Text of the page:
A more Web-like search environment allows users to simultaneously access and search all licensed encyclopedia databases, Web links, magazines, media, and news features with a single click. A more robust search engine enables users to refine their searches, and provides general search help like "Did you mean?" and "More like this?"

The new Grolier Online goes live in June at http://go.grolier.com. All current subscribers will automatically have access to this new and enhanced learning environment. A free trial is available for all unsubscribed educators.

Source: Scholastic Library Publishing, http://www.scholasticlibrary.com

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Art Museum Image Gallery Debuts on H.W. Wilson’s WilsonWeb

H.W. Wilson has announced it will offer the Art Museum Image Gallery, a new art image database to replace The AMICO Library that ceases publication in July. Art Museum Image Gallery is a rich digital resource of art images and related multimedia gathered from the collections of distinguished museums around the world, reflecting the wide coverage offered by The AMICO Library, according to the H.W. Wilson announcement. All images are rights-cleared for educational use, so that students can download them for papers, and teachers can include them in class lectures. The new database can be searched seamlessly with other popular Wilson art resources such as Art Full Text and Art Index Retrospective, to retrieve both images and articles.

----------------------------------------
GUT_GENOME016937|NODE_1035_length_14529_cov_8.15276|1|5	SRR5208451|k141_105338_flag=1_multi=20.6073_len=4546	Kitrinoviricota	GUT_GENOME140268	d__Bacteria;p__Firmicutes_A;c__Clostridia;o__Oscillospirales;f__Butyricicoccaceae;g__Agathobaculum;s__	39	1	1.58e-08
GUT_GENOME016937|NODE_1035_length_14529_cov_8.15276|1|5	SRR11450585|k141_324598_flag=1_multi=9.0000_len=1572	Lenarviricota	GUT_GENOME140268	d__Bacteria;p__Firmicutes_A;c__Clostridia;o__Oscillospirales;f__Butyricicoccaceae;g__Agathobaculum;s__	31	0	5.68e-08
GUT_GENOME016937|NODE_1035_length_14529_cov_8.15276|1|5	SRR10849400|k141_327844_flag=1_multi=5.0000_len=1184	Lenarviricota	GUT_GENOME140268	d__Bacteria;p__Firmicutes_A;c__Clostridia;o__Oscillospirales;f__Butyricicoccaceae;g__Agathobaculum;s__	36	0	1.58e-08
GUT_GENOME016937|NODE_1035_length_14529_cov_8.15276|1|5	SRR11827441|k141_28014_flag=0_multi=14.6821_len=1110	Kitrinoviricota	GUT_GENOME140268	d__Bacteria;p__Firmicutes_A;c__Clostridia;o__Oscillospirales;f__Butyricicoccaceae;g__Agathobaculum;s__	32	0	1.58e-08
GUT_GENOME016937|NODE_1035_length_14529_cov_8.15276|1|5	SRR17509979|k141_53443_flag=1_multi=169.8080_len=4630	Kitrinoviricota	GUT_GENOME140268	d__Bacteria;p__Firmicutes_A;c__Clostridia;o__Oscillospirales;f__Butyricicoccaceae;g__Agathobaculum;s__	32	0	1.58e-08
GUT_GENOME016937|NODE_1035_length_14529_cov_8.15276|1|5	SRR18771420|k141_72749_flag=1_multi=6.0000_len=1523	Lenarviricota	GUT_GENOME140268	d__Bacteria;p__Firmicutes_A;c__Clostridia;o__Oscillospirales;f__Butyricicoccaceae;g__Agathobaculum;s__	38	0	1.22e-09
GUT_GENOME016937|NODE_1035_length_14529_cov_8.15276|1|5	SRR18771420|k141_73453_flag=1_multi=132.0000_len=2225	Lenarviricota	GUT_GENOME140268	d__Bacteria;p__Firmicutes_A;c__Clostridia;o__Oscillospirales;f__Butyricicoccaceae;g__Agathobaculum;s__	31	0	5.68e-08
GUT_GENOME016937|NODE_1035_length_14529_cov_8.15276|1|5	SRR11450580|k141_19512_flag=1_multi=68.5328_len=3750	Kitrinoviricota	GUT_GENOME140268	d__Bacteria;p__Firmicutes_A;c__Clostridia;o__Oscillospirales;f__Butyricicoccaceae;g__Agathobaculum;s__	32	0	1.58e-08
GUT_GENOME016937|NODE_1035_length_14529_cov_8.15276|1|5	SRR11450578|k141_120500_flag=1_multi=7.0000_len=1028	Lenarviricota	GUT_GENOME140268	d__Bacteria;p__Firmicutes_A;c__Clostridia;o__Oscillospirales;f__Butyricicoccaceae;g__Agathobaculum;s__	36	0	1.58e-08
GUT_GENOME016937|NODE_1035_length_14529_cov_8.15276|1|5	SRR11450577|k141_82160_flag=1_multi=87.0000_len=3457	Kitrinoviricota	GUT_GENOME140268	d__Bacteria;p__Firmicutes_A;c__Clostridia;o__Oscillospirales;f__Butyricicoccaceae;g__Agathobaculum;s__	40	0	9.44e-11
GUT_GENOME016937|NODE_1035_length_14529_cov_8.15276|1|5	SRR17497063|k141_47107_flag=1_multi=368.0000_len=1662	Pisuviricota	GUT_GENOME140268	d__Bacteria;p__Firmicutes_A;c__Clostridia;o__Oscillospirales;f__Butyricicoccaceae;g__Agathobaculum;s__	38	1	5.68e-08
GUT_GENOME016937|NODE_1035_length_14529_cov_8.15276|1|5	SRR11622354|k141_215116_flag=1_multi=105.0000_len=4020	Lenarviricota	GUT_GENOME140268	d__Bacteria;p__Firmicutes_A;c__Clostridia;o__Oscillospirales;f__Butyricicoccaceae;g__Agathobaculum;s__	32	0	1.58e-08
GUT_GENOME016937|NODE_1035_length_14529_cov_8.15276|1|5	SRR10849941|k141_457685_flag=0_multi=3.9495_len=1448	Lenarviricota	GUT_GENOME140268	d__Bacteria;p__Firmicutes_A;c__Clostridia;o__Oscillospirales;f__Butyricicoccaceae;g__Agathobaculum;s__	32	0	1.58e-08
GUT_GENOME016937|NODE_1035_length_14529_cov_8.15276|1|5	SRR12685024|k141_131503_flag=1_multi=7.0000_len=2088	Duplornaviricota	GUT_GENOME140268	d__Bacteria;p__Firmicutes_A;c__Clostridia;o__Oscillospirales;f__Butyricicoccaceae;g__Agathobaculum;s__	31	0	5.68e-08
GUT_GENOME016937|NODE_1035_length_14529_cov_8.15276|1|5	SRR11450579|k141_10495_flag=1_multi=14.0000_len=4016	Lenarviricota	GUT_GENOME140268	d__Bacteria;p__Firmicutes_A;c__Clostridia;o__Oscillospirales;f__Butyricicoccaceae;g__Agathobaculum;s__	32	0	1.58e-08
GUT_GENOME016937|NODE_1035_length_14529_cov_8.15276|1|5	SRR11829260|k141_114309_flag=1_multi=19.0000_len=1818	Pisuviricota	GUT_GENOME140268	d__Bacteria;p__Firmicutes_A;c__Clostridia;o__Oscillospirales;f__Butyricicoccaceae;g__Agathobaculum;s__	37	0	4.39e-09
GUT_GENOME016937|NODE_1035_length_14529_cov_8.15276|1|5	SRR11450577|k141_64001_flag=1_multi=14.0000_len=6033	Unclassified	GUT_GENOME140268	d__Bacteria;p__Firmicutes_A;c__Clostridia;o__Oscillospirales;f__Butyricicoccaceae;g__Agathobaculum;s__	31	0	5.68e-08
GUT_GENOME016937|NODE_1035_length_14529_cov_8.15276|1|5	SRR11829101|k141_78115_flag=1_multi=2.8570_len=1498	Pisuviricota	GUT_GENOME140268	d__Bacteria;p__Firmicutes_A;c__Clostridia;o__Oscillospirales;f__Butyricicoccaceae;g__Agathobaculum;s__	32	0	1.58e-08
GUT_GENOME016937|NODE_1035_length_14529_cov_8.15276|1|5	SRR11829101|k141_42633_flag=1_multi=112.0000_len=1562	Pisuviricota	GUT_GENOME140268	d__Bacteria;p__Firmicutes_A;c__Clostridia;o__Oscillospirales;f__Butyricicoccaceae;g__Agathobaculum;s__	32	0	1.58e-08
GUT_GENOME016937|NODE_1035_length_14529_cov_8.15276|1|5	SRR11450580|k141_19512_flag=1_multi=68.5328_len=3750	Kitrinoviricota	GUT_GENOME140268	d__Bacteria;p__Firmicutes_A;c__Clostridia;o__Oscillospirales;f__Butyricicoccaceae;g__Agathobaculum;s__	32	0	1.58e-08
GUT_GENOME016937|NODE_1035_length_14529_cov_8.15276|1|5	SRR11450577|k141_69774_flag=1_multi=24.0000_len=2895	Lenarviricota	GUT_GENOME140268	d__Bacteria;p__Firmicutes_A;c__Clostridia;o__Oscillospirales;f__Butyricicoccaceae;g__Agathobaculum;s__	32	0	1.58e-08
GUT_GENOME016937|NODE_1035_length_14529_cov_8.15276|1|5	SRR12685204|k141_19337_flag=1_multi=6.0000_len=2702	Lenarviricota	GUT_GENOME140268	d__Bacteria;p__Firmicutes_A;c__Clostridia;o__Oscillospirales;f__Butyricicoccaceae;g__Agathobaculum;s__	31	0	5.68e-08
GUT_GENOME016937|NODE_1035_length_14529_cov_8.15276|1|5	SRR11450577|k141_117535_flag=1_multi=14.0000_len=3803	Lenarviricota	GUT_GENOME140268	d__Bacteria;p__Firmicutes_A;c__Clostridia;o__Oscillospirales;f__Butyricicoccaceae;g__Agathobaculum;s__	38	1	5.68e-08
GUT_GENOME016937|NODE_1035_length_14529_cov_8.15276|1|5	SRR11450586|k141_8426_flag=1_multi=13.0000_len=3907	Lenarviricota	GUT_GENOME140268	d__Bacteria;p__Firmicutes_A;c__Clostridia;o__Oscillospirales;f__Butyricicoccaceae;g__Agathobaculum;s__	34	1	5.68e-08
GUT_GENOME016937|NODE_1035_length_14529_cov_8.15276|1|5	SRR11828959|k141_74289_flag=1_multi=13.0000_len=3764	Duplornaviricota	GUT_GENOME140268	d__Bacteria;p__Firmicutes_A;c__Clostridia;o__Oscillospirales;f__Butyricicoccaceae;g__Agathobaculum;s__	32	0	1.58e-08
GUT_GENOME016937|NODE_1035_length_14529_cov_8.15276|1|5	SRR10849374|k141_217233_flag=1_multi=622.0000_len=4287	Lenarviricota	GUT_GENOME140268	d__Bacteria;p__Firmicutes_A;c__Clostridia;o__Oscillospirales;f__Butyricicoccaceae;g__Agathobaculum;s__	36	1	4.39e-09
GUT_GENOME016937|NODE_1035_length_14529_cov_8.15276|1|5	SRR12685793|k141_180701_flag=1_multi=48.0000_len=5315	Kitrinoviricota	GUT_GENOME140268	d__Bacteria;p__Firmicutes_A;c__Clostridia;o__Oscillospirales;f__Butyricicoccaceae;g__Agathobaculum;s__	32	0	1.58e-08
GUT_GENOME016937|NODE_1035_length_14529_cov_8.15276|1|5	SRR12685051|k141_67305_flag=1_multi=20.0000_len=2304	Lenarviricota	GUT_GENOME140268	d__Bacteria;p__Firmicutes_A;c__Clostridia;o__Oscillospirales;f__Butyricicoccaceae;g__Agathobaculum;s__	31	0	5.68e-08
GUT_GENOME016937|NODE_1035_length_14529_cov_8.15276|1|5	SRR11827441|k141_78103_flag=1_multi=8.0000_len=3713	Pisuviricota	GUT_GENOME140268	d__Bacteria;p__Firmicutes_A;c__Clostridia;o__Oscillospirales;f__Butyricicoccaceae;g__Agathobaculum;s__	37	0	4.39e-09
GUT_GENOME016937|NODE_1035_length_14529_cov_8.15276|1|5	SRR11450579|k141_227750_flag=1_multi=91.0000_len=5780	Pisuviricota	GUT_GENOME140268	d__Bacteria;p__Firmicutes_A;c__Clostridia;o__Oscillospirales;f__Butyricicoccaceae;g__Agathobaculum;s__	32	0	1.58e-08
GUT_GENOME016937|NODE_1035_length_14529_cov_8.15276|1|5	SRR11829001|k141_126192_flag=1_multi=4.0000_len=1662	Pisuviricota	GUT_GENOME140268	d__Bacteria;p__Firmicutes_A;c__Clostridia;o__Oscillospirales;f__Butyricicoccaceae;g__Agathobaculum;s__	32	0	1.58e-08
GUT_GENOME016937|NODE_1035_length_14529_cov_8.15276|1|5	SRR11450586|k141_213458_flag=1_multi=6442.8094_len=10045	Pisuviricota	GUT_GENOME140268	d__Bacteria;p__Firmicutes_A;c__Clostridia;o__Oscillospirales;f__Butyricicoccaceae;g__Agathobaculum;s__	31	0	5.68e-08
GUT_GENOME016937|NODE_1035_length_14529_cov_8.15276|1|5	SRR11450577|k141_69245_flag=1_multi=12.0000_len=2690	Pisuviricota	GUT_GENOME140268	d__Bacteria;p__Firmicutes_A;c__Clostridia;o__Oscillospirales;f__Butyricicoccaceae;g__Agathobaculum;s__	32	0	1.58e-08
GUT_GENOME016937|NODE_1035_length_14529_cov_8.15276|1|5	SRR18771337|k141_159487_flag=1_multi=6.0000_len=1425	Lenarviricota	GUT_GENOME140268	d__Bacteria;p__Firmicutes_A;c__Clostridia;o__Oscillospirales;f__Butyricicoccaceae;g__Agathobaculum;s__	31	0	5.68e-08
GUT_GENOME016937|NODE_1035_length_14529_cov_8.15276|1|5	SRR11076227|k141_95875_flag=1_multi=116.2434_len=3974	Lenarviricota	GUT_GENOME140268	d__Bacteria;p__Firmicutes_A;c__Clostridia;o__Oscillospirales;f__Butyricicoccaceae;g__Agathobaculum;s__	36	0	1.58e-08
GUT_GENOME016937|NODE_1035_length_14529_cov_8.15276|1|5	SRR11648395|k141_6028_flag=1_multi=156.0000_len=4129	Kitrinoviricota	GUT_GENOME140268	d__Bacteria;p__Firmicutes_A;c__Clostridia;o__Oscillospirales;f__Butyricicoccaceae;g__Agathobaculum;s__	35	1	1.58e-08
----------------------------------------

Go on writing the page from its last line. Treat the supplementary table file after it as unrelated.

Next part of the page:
Art Museum Image Gallery features over 94,000 high-quality, high-resolution images, spanning artistic creation from 3,000 B.C. to the present, virtually mirroring the content researchers enjoyed with The AMICO Library. A description accompanies each entry, as well as curatorial text, provenance data, detail or multiple views, and for many works, related multimedia. The WilsonWeb interface allows searching by a range of parameters beyond title of work and artist, including subject, materials and techniques, artist nationality and birthplace, owner of work, and date created, among others.

The new image database includes both fine and decorative art: painting, sculpture, drawings, prints, photographs, textiles, costumes, jewelry, ceramics, furniture, glass, books and manuscripts, archaeological finds, and beyond. Wide-ranging coverage encompasses art from the cultures of Africa, Asia, Europe, and the Americas (including Native American and MesoAmerican peoples).

Free 30-day trial subscriptions will be available for librarians when the database is released on July 1, 2005. H.W. Wilson will preview the database at ALA 2005 (June 25-28, Chicago). For more information about Art Museum Image Gallery, visit http://www.hwwilson.com/databases/artmuseum.htm.

Source: H.W. Wilson, http://www.hwwilson.com